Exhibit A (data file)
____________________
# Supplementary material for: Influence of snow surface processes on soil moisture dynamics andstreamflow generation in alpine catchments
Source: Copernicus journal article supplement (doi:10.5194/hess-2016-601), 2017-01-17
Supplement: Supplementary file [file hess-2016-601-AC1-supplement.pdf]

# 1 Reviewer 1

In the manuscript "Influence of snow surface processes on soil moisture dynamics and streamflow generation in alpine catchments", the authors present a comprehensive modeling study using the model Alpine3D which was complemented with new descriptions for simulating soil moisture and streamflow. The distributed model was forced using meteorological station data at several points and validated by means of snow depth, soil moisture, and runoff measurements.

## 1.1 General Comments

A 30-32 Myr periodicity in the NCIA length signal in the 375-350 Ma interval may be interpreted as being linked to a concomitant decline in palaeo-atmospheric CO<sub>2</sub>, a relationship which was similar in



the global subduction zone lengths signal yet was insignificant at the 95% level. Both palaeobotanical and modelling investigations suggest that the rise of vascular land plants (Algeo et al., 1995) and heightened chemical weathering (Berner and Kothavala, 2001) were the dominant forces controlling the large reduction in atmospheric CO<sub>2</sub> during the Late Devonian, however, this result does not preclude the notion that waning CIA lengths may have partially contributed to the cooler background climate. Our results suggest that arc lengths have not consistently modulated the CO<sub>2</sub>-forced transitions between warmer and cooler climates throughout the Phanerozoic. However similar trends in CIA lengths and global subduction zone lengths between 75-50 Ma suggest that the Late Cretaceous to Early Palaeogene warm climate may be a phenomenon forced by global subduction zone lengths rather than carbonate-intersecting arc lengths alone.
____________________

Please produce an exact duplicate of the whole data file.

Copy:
# Supplementary material for: Influence of snow surface processes on soil moisture dynamics andstreamflow generation in alpine catchments
Source: Copernicus journal article supplement (doi:10.5194/hess-2016-601), 2017-01-17
Supplement: Supplementary file [file hess-2016-601-AC1-supplement.pdf]

# 1 Reviewer 1

In the manuscript "Influence of snow surface processes on soil moisture dynamics and streamflow generation in alpine catchments", the authors present a comprehensive modeling study using the model Alpine3D which was complemented with new descriptions for simulating soil moisture and streamflow. The distributed model was forced using meteorological station data at several points and validated by means of snow depth, soil moisture, and runoff measurements.

## 1.1 General Comments

A 30-32 Myr periodicity in the NCIA length signal in the 375-350 Ma interval may be interpreted as being linked to a concomitant decline in palaeo-atmospheric CO<sub>2</sub>, a relationship which was similar in



the global subduction zone lengths signal yet was insignificant at the 95% level. Both palaeobotanical and modelling investigations suggest that the rise of vascular land plants (Algeo et al., 1995) and heightened chemical weathering (Berner and Kothavala, 2001) were the dominant forces controlling the large reduction in atmospheric CO<sub>2</sub> during the Late Devonian, however, this result does not preclude the notion that waning CIA lengths may have partially contributed to the cooler background climate. Our results suggest that arc lengths have not consistently modulated the CO<sub>2</sub>-forced transitions between warmer and cooler climates throughout the Phanerozoic. However similar trends in CIA lengths and global subduction zone lengths between 75-50 Ma suggest that the Late Cretaceous to Early Palaeogene warm climate may be a phenomenon forced by global subduction zone lengths rather than carbonate-intersecting arc lengths alone.